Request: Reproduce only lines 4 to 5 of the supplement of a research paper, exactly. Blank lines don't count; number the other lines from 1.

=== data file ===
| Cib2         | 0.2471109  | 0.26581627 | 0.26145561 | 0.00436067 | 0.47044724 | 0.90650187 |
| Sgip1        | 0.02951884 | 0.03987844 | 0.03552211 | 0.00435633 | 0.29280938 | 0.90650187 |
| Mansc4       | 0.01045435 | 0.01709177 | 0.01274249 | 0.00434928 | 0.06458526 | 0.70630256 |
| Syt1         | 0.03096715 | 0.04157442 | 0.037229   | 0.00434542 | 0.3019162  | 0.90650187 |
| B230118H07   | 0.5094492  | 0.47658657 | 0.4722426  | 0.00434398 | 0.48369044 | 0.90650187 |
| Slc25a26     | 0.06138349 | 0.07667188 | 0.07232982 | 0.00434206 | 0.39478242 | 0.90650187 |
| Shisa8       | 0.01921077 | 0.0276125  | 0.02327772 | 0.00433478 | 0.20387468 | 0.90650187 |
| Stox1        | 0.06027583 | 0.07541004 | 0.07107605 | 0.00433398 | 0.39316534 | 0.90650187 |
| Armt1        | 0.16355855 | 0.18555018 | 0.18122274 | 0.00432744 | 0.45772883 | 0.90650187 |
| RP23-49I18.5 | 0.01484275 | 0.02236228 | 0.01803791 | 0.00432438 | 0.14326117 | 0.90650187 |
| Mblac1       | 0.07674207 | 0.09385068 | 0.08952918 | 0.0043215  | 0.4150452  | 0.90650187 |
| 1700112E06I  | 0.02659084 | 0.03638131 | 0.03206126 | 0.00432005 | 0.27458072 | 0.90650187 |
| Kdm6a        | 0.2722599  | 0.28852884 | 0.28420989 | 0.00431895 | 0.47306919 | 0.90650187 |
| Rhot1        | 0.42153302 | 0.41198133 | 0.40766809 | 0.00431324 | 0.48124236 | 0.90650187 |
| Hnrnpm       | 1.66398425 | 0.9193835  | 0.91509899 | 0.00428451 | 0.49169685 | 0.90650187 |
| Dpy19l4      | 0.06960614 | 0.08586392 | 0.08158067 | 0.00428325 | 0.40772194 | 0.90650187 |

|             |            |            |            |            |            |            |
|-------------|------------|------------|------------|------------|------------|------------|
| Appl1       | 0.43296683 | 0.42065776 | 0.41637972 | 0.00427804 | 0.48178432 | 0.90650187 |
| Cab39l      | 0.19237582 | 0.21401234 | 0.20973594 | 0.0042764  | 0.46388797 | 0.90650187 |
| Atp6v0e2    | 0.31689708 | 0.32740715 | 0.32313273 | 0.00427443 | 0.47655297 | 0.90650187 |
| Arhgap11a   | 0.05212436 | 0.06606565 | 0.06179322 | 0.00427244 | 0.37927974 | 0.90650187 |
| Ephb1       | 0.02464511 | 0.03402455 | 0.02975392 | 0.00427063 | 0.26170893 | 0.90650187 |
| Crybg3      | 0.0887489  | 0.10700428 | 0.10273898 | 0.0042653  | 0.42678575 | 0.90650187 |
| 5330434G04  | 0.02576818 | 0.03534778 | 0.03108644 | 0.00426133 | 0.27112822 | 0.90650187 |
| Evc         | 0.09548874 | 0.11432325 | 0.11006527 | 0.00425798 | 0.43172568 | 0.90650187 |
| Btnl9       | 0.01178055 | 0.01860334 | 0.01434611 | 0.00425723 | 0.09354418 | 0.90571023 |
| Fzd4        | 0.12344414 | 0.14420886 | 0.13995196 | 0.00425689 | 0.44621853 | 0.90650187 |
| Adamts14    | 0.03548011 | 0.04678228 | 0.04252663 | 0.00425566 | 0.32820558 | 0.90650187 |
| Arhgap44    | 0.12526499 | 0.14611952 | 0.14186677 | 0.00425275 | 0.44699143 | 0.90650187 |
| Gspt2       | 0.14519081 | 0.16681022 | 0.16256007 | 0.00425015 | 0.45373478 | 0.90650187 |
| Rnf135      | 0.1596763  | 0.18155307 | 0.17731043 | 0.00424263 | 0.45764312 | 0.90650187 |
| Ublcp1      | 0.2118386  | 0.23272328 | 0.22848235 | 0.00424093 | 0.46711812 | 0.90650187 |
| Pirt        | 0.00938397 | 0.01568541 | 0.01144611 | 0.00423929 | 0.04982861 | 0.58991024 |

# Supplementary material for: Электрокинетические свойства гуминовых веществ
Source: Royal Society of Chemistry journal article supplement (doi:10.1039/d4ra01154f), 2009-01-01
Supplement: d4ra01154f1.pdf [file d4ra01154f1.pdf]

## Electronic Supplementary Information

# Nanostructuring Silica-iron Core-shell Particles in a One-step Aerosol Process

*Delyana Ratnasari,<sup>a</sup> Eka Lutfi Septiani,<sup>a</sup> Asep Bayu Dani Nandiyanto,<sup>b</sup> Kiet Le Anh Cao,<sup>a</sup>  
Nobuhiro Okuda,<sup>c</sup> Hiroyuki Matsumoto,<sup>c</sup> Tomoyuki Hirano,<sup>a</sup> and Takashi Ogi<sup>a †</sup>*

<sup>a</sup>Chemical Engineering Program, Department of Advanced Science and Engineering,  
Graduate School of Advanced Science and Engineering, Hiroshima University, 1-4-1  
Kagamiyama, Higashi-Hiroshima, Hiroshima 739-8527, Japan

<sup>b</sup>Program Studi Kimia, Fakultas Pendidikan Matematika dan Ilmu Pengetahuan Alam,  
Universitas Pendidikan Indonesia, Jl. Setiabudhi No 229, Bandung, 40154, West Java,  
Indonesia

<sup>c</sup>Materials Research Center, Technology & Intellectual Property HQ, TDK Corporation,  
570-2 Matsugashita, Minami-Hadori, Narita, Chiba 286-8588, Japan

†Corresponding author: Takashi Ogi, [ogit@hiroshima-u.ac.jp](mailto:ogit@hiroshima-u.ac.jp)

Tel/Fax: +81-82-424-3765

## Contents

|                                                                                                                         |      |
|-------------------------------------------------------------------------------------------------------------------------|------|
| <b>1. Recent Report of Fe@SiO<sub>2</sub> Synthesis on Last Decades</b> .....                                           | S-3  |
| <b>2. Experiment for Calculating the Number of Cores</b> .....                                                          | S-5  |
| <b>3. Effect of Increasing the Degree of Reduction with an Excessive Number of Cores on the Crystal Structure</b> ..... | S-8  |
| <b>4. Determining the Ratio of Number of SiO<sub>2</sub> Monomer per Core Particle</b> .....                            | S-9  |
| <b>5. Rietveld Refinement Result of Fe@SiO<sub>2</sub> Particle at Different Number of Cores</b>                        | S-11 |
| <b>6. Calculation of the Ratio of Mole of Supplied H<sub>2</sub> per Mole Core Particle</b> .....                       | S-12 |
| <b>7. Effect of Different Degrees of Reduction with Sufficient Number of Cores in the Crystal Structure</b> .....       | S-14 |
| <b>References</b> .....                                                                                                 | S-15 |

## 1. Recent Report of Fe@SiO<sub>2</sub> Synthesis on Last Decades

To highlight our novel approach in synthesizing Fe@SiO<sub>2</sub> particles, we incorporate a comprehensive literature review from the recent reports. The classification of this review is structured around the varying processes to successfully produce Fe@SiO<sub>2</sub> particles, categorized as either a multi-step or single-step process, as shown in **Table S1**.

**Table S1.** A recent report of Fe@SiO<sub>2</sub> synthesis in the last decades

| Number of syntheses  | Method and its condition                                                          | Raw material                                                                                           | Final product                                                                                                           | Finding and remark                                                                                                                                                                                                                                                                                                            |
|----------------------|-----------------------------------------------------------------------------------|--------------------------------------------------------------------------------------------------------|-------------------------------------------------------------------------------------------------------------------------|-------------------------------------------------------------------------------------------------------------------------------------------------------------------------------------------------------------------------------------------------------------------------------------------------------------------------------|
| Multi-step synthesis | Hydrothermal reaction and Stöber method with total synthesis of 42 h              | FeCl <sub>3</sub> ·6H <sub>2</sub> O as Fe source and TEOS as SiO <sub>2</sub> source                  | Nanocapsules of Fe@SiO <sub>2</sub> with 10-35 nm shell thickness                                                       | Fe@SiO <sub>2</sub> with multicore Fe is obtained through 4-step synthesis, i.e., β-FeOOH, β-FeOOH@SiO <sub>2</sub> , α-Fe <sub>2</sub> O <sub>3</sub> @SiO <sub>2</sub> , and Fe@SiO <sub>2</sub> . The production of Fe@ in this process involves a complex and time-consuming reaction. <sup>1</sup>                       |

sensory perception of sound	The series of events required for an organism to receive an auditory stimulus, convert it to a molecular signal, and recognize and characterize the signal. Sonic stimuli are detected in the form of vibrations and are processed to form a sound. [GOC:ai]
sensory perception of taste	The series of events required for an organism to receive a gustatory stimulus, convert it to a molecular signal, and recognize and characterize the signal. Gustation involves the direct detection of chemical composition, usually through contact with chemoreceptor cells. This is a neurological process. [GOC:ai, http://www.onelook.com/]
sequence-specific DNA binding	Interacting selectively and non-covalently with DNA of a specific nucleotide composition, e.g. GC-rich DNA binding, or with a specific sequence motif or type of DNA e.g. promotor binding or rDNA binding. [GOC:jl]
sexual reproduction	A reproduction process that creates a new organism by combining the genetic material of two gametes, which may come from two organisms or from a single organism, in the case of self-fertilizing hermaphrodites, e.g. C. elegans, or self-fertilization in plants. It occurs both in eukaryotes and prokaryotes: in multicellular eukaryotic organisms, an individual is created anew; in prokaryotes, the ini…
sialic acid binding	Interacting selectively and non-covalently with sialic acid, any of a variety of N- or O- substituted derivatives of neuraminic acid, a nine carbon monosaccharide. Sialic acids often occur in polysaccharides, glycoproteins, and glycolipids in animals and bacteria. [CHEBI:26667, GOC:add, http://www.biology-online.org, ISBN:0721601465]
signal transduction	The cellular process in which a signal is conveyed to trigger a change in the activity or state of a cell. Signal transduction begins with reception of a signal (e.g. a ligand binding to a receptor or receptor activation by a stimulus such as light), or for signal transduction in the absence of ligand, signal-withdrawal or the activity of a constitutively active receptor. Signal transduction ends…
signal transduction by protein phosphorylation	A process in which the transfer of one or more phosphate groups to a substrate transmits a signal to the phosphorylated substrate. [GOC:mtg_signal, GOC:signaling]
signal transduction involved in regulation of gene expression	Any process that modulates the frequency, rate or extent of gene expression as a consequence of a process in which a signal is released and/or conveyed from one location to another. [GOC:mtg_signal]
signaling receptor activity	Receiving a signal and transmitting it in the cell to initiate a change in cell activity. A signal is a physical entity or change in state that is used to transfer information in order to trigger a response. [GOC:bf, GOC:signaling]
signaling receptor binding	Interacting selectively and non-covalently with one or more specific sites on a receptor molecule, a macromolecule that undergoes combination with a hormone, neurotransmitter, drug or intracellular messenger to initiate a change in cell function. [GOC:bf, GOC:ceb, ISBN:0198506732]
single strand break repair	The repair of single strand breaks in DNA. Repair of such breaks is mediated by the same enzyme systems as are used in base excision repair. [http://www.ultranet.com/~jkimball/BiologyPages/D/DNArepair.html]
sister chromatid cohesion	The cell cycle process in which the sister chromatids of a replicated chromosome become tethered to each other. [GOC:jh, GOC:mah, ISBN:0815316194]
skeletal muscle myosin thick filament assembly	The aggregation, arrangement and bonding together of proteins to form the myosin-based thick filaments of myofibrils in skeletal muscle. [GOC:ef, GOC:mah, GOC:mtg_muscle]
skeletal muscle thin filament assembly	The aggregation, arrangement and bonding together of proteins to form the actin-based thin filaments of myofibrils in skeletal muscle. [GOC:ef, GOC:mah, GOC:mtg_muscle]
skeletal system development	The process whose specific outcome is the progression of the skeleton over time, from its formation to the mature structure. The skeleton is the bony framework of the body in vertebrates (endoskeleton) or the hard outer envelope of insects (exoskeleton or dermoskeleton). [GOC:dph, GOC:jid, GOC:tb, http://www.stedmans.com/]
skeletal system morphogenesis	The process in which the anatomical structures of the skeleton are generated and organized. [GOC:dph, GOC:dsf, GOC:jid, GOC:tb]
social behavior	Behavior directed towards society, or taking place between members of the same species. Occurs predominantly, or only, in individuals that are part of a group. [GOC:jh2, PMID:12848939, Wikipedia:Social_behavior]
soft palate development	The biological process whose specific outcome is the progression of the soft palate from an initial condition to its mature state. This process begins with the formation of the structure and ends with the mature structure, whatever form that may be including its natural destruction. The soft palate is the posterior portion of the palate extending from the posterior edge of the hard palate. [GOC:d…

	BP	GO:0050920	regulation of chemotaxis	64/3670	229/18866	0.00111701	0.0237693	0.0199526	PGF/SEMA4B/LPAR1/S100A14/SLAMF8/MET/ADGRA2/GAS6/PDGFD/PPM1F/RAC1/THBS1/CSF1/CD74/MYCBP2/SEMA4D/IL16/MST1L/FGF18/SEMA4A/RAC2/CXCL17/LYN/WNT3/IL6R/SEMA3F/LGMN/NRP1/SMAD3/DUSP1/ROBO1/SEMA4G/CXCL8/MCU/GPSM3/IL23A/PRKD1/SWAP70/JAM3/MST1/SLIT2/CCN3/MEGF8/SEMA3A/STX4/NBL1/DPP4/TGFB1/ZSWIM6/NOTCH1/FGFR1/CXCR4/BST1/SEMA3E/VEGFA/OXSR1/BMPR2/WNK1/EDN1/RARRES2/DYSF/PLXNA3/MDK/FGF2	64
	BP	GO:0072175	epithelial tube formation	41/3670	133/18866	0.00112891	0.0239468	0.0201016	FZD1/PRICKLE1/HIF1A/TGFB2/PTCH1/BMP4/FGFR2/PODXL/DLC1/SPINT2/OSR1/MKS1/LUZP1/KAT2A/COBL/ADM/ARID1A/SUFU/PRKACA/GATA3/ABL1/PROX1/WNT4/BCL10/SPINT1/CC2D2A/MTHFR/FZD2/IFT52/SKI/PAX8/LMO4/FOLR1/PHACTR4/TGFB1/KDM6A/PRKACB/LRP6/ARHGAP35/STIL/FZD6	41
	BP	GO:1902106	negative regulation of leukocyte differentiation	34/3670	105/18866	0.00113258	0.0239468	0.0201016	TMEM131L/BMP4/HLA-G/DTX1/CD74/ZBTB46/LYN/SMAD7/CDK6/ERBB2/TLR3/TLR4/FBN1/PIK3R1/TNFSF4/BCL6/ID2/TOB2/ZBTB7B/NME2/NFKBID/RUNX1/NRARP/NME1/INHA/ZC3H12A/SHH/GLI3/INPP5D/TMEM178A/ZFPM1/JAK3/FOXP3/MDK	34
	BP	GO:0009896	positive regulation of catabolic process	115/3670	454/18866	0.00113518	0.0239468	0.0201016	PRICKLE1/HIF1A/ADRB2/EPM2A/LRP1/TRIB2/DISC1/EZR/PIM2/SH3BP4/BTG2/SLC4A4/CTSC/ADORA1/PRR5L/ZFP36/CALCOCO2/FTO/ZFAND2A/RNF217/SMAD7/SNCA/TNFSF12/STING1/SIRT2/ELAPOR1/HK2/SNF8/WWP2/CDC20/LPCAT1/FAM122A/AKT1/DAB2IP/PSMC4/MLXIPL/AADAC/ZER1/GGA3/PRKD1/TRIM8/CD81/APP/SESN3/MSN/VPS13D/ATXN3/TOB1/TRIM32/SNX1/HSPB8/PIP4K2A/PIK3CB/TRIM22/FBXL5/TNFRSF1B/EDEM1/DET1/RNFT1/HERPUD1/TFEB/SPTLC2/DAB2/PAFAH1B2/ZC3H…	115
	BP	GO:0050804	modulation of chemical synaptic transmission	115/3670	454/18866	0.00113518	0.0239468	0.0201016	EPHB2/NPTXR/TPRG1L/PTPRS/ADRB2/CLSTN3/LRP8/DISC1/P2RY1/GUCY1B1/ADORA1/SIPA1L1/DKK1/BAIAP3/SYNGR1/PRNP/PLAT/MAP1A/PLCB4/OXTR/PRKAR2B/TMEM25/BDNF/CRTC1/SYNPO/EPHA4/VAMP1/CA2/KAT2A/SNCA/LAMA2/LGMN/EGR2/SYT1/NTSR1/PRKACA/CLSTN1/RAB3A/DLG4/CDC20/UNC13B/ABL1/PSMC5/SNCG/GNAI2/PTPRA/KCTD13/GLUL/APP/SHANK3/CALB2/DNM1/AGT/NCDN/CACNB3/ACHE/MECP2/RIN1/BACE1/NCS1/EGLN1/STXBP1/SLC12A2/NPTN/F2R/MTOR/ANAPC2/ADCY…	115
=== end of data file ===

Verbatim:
| Syt1         | 0.03096715 | 0.04157442 | 0.037229   | 0.00434542 | 0.3019162  | 0.90650187 |
| B230118H07   | 0.5094492  | 0.47658657 | 0.4722426  | 0.00434398 | 0.48369044 | 0.90650187 |